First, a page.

New Staging System for Presymptomatic Type 1 Diabetes

Released by JDRF, the Endocrine Society, and the American Diabetes Association

Commentary by Richard Insel MD, Desmond Schatz MD, and Kevan Herold MD

A new approach for staging T1D in its earliest presymptomatic stages was released by the JDRF, the Endocrine Society, and the American Diabetes Association. The organizations endorse the concept that autoimmune disease precedes the onset of symptoms and progresses through distinct stages, as reported in the October issue of Diabetes Care.

Type 1 diabetes

The staging system is as follows:

  • Stage 1: individuals who are normoglycemic but test positive for 2 or more type 1 diabetes–associated islet autoantibodies.
  • Stage 2: individuals with 2 or more islet autoantibodies who have developed glucose intolerance or dysglycemia, from loss of functional β-cell mass.
  • Stage 3: individuals who have symptoms of type 1 diabetes, such as polyuria, polydipsia, weight loss, fatigue, and diabetic ketoacidosis.

While the rate of progression between stages is variable among individuals, the risk can be defined, which may facilitate clinical trials that aim to preserve functional insulin-producing beta cells, according to the associations. In addition, while approximately 50 genetic variants that increase susceptibility to T1D have been discovered; 85% to 90% of individuals newly diagnosed with T1D have no history of T1D among their relatives, the associations noted.

“We know type 1 diabetes begins long before insulin dependence occurs, and the best time to halt the disease’s progress is before the loss of insulin-producing pancreatic beta cells,” Chief Scientific Officer of JDRF Richard Insel, MD, said in a statement to the press. “Decades of research in at-risk individuals have provided the foundation for developing this new 3-stage diagnostic approach, which we believe will help optimize the design of clinical trials to prevent symptomatic disease and more quickly evaluate interventions.”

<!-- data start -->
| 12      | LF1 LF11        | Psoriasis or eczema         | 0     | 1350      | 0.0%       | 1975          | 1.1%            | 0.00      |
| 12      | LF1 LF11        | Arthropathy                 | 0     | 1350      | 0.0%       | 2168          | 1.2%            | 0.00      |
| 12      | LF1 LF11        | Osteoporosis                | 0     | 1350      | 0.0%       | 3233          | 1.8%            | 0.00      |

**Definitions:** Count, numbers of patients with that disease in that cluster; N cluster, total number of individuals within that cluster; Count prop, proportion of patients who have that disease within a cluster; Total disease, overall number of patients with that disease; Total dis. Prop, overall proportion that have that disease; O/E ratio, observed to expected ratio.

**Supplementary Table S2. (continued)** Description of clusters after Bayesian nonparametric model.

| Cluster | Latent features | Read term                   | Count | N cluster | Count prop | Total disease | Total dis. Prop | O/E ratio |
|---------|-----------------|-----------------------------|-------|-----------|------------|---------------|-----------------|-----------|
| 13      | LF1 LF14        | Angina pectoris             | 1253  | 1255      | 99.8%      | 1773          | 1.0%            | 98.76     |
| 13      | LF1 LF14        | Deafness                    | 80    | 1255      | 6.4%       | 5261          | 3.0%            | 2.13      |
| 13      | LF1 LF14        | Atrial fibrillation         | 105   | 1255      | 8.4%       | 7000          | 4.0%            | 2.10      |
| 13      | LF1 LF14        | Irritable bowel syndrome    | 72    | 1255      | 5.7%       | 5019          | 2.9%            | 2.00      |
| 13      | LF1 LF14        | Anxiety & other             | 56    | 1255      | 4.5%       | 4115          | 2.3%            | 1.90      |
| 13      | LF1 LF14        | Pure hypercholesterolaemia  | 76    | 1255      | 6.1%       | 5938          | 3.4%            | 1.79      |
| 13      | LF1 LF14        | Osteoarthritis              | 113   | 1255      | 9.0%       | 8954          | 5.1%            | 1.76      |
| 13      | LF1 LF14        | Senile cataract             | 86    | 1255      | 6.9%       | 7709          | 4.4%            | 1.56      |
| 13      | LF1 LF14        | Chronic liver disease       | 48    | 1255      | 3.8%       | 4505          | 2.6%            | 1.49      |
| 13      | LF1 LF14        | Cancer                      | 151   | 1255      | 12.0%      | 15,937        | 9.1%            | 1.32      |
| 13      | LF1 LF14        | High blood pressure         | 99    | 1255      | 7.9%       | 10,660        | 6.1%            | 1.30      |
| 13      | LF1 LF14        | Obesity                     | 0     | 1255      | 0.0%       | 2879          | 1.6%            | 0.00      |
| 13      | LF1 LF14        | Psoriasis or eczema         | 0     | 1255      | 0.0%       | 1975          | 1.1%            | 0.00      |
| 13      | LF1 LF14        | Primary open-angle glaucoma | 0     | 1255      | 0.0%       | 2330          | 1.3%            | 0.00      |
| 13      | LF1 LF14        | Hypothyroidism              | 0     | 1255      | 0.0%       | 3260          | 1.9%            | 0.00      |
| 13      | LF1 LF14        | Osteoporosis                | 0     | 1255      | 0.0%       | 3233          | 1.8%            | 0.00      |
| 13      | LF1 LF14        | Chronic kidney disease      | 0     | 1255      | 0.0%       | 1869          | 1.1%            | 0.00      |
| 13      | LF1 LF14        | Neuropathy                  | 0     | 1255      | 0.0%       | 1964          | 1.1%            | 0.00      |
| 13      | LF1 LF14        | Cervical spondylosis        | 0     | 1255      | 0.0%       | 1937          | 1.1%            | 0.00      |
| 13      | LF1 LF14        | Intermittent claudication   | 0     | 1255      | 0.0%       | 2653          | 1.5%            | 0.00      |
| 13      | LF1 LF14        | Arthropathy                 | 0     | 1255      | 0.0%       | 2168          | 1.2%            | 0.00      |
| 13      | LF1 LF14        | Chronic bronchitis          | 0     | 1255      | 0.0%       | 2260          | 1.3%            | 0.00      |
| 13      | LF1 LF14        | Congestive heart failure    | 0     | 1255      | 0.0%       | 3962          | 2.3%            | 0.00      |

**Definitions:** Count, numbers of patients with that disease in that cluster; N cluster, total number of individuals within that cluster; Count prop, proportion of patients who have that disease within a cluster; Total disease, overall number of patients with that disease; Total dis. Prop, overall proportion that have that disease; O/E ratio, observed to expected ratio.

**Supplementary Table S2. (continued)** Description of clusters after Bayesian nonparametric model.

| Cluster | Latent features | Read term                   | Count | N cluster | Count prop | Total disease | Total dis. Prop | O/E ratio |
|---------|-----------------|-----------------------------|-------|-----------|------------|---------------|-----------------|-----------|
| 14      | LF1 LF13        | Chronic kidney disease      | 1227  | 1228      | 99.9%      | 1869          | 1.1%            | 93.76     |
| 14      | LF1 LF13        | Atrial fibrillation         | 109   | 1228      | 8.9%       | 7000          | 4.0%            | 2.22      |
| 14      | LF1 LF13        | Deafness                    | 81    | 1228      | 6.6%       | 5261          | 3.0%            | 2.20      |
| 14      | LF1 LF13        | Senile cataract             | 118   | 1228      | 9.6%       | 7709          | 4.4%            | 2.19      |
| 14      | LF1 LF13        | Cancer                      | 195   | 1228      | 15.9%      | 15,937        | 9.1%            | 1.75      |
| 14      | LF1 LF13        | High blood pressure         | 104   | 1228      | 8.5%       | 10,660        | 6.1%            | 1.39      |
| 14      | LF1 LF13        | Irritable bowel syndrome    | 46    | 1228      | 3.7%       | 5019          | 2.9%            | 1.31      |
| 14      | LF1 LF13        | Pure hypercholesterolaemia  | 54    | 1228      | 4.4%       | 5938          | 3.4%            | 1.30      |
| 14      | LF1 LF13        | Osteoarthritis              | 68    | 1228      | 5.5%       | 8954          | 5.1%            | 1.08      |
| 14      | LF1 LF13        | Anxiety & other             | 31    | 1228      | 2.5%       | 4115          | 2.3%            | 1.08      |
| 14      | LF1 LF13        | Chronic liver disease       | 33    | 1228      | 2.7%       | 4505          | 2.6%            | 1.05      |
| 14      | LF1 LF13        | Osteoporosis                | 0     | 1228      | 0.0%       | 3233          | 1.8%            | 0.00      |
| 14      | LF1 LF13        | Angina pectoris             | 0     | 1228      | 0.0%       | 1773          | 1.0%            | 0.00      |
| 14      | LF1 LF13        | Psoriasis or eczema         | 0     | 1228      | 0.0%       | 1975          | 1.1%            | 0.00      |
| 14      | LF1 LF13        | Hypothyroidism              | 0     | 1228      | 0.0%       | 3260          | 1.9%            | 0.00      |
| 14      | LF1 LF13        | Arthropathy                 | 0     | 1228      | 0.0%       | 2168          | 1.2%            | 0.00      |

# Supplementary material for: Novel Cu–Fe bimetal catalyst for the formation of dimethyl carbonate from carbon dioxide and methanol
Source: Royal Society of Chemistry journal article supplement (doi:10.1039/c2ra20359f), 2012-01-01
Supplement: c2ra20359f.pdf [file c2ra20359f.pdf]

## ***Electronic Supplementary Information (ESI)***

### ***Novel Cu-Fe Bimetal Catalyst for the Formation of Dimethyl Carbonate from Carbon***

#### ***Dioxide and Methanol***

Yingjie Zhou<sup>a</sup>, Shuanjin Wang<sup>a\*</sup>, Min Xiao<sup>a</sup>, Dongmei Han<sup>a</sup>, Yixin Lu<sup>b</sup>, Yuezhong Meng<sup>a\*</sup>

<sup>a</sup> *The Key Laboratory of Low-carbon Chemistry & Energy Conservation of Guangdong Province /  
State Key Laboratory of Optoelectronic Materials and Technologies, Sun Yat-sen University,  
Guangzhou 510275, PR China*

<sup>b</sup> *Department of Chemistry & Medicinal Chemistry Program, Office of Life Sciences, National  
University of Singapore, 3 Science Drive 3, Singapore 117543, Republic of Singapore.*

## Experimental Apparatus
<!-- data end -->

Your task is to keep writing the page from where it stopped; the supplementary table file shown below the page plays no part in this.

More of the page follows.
“Type 1 diabetes is diagnosed relatively late in the disease process. Pre-type 1 diabetes can be identified both in higher-risk  relatives and the lower-risk  general population,” said Desmond Schatz, MD, President-Elect, Medicine and Science at American Diabetes Association. “Using a combination of genetic, immunologic and metabolic markers, distinct categorization of the natural history of the early disease process is now possible. This will facilitate the implementation of specific prevention studies at different stages of the disease process, each with their own distinct endpoints,” Dr. Schatz said.

Type 1 Diabetes Begins Long Before Clinical Onset
“I think the important message from this consensus document is the recognition that the disease begins very much before the clinical onset and with newer methods, we can identify those individuals who will progress to disease,” commented Kevan Herold, MD, Professor of Immunobiology and of Medicine (Endocrinology); Deputy Director for Translational Science, Yale Center for Clinical Research, Yale University; Director, Yale Diabetes Center, Yale-New Haven Hospital, New Haven, Conn. “This suggests that it may be appropriate to use agents that have shown efficacy in patients with diabetes in those at high risk. Of course, risks need to be weighed against benefits, particularly since the actual timing in any individual is still hard to predict with accuracy. Nonetheless, the data is also a call to action to try to prevent the disease,” Dr. Herold told EndocrineWeb.com.

The staging approach is endorsed by the American Association of Clinical Endocrinologists, the International Society for Pediatric and Adolescent Diabetes, and The Leona M. and Harry B. Helmsley Charitable Trust.

October 18, 2015

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